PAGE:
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In the post-pandemic world, the US economy could be totally different

Los Angeles Times logo Los Angeles Times 4/17/2020 Don Lee
© Noah Berger/Bloomberg via Getty Images  

When the U.S. economy reopens, whether sooner or later, chances are it won't look the same as it did only a few months ago before the coronavirus outbreak.

And the wider and deeper the pandemic runs, the more profound the future changes in American life are almost certain to be. Already the climb out of the deep economic hole looks to be long and slow.

"The world that we are going to live in for at least the next two to three years will be totally different than what we are used to," said Sung Won Sohn, president of SS Economics and professor at Loyola Marymount University.

"Because of the psychological shock that we have experienced, we are going to be more cautious, and we will probably spend less and save more, and we will have fewer contacts with other individuals," he said. "We are going to be suspicious about things, [such as] whether people we are meeting have the virus and will the economy fall back down again."

More stimulus from Washington, especially large-scale spending to upgrade infrastructure, could help offset some of the negative long-term impacts of the pandemic, though it will mean huge additions to the national debt.

Even so, millions of Americans will struggle with lost income, heavier debt, and reluctance to spend whatever cash they may still have because they are apprehensive about the future.

Businesses, especially smaller ones, will also face new debts and expenses. To reopen, they'll need to spend money up front for staff and supplies, without knowing when or whether customers will return.

"Every restaurant that reopens is going to be basically a start-up, an interesting concept with no money and desperate for cash," said Sean Kennedy, executive vice president at the National Restaurant Assn.

For large corporations, business leaders and strategists say the pandemic will accelerate the trend away from dependence on global supply chains. That may make the U.S. economy more self-reliant and bring home some jobs, but it will also impose new costs on businesses and higher prices on consumers.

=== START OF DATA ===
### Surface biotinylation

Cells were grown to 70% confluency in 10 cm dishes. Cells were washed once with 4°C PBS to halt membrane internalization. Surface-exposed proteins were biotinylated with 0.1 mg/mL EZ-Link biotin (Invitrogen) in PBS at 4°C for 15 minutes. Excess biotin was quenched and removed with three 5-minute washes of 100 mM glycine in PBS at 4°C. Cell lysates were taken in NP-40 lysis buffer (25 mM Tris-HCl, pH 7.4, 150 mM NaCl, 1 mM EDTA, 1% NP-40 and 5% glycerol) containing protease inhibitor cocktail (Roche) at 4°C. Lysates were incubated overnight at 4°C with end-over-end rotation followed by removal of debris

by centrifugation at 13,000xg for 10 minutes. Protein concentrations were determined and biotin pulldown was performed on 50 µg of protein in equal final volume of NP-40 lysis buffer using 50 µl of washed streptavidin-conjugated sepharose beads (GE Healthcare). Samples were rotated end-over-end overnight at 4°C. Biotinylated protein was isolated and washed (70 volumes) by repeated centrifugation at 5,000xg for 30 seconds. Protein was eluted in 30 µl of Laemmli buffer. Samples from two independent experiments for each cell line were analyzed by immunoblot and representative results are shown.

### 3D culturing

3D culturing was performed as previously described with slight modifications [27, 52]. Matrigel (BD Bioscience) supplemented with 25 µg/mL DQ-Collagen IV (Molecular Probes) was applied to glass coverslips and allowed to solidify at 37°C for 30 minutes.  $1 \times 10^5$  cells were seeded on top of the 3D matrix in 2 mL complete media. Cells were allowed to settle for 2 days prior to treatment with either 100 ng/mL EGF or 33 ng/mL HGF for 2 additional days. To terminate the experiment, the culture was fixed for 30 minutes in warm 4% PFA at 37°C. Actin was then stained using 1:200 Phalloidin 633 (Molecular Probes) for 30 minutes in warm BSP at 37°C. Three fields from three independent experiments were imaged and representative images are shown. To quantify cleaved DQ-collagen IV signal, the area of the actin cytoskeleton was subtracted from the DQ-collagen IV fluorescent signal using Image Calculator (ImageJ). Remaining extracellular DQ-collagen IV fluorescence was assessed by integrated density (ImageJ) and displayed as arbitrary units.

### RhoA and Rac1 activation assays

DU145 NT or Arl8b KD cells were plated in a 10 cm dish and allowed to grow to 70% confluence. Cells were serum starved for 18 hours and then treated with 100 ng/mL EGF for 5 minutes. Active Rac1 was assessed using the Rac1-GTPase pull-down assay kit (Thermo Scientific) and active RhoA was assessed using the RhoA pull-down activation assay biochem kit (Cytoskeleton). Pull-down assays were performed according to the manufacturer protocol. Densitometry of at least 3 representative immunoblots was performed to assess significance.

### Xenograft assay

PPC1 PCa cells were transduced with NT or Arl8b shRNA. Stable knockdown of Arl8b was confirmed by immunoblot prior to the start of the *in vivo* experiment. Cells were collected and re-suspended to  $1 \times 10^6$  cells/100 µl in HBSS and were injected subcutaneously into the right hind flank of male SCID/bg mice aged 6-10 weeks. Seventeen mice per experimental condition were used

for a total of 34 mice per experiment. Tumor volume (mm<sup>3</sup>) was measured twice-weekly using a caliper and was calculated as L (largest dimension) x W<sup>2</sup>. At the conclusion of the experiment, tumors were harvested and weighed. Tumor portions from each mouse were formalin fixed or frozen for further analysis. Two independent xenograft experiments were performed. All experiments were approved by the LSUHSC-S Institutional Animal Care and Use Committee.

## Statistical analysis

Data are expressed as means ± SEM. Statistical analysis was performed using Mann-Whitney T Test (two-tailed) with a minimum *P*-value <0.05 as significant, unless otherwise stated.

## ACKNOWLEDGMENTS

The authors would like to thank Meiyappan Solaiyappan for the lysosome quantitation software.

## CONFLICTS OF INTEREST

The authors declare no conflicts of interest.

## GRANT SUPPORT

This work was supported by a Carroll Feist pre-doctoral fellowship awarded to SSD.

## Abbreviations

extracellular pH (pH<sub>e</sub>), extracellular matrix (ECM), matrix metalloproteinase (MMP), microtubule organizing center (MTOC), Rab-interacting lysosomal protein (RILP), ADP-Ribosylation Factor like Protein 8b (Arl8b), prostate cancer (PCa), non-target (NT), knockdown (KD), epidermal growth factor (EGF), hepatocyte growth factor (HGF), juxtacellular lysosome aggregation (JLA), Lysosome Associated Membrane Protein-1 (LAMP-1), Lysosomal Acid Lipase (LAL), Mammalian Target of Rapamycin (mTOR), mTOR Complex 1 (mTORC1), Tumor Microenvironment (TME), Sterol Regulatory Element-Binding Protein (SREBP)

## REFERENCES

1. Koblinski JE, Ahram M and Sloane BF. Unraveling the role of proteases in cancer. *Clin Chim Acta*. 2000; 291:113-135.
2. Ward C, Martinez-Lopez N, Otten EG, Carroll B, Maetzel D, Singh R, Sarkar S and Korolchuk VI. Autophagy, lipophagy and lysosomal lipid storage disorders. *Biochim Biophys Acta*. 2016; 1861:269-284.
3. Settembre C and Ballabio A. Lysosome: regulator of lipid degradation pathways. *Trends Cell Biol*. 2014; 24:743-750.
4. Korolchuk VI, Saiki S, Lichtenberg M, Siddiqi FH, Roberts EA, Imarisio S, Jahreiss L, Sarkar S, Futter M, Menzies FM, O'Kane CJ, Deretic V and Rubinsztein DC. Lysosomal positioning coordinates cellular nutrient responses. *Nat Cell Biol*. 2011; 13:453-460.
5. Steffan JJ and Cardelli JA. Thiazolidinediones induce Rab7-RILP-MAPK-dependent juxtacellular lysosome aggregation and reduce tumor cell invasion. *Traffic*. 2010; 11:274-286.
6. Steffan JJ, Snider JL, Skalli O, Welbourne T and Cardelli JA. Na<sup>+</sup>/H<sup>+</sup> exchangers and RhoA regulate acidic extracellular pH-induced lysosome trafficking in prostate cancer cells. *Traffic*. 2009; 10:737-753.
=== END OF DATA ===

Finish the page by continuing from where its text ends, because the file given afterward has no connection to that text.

For decades, shifting production to lower-paid workers overseas kept American consumer prices lower and helped offset the small-to-nonexistent growth in real wages and salaries for all but the most affluent.

More domestic production means higher costs and higher prices. Those in turn will lead to demands for higher wages, even for the least skilled workers, along with more labor and political strife.

Inflation, negligible for decades, could return, adding to the problems of individuals and the country as a whole.

Related video: White House outlines 3 phases to restart economy (The Wall Street Journal)

In the near future, adapting to new considerations and guidelines on health and safety, particularly social distancing, may be the most disruptive and urgent task for many businesses.

Restaurants, bars, hotels and entertainment venues like theaters and sporting arenas were among the earliest to close, accounting for many of the 22 million workers laid off or furloughed in the last month.

President Trump's guidelines Thursday for reopening the economy left to state governors to determine just when and under what terms businesses can resume operations. So it'll be up to them and local health officials to spell out what constitutes a safe distance for customers and workers alike.

If experience in the earlier stages of the pandemic is any guide, that will mean wide variations in what the new policies will be.

In Beijing and much of China, restaurants have been told to maintain a little more than three feet of separation between tables. Some are limiting diners to three to a table.

Such strategies may reduce infection, but they also mean less income for the restaurant.

Paul Herber, whose Bellevue, Wash., company Ascend Hospitality Group operates 13 restaurants in the West, sees no easy answers.

He is looking at possibly yanking some tables to open up space between diners, putting up see-through barriers between booths, and imposing far more rigorous cleaning procedures.

Even then, Herber worries about how to control waiting-list crowds during busy weekend nights and what he will do if he can no longer have corporate groups that typically number six to 10 in a table.

"How do we make money with those peak periods being handicapped?" he asked.

Robert Cole, a senior analyst at Phocuswright, a major hospitality market research firm, said, "I think this is going to be a sea change for the industry."

"For some, it'll be an existential battle," he said. "Group meetings and conventions are going to be changed forever. Corporations are going to take a scalpel to their travel budgets.

"The number of salespeople on the road," he added, "I think that's going to be reduced. Even if there's a cool medical breakthrough, even if that happens, I think people are going to say, 'Wait, do we really need to send all those people?'"